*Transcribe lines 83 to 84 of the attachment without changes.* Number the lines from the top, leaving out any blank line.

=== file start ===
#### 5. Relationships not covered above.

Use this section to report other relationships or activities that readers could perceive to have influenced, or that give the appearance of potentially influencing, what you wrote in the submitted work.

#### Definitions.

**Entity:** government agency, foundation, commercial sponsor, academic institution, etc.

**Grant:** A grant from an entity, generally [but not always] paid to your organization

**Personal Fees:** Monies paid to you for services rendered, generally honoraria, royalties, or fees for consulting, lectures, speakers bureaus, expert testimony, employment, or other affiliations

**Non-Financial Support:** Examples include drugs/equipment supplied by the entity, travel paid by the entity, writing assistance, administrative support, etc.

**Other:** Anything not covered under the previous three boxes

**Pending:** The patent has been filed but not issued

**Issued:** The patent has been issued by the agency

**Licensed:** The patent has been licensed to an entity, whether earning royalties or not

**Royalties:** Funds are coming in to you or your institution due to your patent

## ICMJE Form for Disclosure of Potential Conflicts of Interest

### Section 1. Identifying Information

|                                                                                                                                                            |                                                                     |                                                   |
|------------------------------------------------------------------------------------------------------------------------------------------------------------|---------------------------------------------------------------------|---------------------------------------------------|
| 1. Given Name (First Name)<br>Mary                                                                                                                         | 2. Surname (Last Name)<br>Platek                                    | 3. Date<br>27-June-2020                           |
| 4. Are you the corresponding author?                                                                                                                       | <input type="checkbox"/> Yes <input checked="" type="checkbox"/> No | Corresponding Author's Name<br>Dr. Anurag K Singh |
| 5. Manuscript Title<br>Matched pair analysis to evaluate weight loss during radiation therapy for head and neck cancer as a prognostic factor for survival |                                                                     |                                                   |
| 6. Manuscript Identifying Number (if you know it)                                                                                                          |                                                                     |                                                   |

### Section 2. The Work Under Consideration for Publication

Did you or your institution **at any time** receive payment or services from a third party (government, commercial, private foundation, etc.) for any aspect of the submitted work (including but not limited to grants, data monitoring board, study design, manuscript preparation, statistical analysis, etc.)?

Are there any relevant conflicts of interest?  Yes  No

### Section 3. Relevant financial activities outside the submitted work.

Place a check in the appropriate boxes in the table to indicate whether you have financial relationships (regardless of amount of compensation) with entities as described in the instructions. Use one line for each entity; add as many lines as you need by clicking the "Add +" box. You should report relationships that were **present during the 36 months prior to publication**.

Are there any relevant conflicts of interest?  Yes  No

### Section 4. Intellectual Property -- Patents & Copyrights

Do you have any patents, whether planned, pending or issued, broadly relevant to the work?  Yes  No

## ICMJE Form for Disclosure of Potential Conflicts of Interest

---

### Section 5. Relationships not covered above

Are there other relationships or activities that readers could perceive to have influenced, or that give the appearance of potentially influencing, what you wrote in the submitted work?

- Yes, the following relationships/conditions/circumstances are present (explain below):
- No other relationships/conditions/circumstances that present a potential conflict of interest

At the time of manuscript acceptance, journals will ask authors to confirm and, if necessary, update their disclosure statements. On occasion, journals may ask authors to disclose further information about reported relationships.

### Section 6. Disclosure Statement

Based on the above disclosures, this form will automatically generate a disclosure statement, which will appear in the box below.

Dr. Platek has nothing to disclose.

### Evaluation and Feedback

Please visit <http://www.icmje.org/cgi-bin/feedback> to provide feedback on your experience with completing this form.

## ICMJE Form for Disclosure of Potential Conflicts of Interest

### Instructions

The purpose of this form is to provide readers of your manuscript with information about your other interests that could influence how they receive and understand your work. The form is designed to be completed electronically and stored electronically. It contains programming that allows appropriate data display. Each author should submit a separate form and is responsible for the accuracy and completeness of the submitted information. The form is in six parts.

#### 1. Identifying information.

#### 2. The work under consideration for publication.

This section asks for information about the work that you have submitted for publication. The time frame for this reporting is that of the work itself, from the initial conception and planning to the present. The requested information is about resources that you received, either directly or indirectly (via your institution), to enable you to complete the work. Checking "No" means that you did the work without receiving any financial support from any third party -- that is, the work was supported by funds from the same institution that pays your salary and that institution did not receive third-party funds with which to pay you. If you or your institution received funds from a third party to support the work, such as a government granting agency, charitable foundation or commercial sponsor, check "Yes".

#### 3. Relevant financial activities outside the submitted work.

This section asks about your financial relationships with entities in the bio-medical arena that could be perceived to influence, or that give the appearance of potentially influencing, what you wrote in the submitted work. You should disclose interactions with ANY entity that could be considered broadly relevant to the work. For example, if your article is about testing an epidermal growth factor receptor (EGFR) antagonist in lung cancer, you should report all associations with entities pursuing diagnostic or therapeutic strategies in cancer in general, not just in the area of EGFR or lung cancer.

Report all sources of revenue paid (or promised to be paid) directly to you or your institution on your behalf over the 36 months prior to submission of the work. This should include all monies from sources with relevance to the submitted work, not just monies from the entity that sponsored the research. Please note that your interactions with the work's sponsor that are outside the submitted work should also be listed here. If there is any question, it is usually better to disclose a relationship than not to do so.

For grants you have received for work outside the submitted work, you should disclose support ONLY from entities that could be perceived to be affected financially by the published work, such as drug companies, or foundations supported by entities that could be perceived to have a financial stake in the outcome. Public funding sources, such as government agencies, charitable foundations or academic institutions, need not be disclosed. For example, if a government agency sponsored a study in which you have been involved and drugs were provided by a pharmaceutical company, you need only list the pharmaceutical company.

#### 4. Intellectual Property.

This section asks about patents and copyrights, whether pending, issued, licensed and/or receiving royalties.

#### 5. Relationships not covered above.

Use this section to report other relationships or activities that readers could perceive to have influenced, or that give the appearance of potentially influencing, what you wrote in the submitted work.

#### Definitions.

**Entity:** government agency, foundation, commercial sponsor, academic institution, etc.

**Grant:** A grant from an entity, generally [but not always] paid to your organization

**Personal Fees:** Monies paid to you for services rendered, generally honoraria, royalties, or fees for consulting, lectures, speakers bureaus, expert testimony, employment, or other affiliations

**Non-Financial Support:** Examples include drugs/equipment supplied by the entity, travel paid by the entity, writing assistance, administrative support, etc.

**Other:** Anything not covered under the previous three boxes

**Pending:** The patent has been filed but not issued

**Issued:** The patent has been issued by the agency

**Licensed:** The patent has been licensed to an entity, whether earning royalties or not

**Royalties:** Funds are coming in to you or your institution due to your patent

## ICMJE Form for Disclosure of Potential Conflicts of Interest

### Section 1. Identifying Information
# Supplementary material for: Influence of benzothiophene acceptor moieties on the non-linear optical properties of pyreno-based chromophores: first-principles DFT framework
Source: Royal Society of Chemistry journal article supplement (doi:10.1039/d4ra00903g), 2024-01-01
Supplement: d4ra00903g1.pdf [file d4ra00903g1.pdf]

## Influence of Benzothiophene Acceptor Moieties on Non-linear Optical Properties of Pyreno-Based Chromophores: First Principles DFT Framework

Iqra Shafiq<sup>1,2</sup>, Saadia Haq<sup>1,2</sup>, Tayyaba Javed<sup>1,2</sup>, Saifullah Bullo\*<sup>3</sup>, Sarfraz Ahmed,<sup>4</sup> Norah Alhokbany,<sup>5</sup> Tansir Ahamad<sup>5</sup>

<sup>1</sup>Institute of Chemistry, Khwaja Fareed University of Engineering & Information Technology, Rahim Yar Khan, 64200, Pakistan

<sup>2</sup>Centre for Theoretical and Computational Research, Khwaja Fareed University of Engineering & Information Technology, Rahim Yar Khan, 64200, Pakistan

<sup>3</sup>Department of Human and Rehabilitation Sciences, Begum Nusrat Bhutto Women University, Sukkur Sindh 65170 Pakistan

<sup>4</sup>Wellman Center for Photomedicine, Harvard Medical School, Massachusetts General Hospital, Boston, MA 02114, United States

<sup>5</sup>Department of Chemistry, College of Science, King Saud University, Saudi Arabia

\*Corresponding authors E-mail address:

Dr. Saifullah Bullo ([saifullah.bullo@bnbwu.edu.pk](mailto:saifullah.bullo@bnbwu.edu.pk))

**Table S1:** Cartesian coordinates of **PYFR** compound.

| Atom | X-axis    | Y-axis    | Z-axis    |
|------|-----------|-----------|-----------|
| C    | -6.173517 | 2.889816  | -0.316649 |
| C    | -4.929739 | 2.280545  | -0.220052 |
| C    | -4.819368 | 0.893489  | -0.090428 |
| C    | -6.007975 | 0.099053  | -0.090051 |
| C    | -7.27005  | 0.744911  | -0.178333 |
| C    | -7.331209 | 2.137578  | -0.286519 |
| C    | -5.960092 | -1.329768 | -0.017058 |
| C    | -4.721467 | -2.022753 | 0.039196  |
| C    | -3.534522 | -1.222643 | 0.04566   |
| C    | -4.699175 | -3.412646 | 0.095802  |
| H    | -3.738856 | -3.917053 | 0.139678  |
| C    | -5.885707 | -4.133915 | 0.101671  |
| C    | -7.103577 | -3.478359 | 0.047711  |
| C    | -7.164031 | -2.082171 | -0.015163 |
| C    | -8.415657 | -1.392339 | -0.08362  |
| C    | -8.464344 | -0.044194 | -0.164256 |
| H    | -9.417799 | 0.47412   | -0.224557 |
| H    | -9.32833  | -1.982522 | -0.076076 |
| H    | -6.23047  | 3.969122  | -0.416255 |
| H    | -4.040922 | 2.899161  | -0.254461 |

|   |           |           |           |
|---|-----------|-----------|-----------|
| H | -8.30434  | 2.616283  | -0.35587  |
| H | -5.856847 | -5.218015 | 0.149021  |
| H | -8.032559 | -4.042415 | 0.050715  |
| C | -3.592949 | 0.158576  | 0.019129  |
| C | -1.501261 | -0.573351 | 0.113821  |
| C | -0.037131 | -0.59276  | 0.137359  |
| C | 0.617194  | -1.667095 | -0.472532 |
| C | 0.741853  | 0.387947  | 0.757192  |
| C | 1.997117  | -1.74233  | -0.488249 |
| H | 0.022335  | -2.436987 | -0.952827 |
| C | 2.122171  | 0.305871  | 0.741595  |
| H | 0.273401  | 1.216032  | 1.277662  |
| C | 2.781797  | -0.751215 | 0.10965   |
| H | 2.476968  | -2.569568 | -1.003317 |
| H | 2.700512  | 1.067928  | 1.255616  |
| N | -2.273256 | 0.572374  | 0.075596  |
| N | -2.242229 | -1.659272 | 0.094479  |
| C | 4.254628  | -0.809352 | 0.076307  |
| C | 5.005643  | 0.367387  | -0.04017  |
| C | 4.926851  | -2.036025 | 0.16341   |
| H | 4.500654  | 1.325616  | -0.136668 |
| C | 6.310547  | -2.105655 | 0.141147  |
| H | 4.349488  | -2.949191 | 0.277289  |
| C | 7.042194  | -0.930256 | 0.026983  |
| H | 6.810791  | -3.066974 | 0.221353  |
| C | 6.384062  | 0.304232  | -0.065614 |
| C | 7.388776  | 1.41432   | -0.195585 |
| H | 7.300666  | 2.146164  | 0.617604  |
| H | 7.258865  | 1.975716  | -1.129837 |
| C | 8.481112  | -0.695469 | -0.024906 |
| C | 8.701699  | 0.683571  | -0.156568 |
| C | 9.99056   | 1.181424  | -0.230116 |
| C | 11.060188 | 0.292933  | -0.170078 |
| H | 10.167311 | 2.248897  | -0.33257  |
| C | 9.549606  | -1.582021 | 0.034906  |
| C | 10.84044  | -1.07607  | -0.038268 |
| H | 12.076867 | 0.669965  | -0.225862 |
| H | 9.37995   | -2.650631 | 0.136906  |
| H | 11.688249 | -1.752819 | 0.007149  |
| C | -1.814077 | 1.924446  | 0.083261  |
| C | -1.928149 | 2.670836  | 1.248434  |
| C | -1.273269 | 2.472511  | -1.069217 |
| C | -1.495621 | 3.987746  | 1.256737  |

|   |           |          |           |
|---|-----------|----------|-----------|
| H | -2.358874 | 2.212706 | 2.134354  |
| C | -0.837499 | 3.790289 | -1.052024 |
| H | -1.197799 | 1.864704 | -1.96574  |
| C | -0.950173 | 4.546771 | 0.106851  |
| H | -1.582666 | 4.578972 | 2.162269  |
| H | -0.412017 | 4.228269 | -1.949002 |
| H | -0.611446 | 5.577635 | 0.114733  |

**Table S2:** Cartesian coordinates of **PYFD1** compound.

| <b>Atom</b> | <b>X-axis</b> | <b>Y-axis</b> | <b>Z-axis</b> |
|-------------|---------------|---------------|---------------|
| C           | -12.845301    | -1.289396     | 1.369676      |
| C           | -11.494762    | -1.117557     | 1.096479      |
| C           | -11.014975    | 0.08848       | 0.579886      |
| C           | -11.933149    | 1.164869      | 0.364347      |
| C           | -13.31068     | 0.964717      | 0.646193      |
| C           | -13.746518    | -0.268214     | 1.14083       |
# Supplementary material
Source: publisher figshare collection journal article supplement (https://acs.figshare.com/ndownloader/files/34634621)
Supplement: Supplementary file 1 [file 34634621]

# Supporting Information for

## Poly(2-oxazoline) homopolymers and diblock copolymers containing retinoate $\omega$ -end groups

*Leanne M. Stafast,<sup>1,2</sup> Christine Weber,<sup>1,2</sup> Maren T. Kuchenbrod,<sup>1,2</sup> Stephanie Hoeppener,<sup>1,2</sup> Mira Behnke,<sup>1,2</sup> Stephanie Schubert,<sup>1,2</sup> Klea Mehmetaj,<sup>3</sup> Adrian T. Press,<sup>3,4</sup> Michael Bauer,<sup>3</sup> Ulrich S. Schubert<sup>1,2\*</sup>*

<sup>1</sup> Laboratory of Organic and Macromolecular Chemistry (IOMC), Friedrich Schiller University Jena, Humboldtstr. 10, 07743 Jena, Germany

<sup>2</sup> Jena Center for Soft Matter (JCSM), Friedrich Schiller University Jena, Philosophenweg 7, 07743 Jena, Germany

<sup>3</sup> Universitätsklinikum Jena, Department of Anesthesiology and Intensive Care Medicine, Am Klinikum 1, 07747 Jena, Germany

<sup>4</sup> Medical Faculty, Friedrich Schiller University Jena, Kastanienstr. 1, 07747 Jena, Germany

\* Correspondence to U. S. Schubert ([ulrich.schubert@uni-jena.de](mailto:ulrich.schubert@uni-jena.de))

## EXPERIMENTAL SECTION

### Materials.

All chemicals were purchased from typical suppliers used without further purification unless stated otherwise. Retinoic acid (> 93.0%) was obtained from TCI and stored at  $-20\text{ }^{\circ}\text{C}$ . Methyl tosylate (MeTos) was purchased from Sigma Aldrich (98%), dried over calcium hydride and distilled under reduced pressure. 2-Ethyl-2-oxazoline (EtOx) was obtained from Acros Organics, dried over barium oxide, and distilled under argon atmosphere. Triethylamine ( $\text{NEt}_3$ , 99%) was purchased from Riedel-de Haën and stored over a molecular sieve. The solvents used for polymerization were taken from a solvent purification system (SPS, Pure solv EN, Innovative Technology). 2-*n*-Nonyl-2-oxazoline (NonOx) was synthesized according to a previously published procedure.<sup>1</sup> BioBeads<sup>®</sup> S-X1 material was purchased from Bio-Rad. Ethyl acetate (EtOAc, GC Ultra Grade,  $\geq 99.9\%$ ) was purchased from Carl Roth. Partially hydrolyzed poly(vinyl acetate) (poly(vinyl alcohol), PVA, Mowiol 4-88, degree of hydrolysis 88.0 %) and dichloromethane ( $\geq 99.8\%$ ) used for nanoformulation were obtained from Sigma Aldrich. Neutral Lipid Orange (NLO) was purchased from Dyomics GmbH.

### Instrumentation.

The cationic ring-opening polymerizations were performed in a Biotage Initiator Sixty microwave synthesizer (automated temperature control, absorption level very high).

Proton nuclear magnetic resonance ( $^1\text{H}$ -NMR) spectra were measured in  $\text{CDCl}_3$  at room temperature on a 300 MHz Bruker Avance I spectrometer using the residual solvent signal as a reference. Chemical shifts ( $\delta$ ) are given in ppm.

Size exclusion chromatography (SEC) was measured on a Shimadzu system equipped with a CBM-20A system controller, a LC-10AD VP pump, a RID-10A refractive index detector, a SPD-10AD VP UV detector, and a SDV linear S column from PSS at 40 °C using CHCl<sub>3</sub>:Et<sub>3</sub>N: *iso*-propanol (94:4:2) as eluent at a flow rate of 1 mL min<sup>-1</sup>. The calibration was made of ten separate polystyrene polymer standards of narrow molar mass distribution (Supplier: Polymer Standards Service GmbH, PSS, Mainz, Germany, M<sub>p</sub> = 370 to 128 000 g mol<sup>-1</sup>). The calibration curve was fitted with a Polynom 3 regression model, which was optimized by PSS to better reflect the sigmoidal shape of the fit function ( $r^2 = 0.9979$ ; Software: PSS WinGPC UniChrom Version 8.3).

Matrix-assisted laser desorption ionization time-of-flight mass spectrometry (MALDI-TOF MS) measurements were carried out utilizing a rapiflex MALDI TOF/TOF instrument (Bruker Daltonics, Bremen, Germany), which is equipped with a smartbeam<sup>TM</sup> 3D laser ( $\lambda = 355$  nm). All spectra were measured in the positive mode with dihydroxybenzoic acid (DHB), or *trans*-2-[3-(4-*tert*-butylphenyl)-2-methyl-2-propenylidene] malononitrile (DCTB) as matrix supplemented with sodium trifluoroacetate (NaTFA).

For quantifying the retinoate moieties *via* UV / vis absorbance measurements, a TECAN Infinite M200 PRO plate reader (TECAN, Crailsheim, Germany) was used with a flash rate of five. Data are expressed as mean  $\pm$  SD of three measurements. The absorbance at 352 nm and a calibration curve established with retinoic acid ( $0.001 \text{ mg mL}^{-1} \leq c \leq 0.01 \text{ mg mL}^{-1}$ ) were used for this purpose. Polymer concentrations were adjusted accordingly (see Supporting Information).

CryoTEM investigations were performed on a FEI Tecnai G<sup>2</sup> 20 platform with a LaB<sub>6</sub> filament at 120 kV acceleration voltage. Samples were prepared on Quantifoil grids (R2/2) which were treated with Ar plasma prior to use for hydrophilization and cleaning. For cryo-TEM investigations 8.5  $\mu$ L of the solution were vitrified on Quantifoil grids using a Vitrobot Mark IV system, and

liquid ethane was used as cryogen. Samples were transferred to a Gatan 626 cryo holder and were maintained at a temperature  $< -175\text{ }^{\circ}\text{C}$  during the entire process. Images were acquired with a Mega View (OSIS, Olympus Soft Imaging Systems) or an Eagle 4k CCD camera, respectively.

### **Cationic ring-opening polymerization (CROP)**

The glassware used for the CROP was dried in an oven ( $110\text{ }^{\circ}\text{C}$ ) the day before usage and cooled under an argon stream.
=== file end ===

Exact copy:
| C    | -4.929739 | 2.280545  | -0.220052 |
| C    | -4.819368 | 0.893489  | -0.090428 |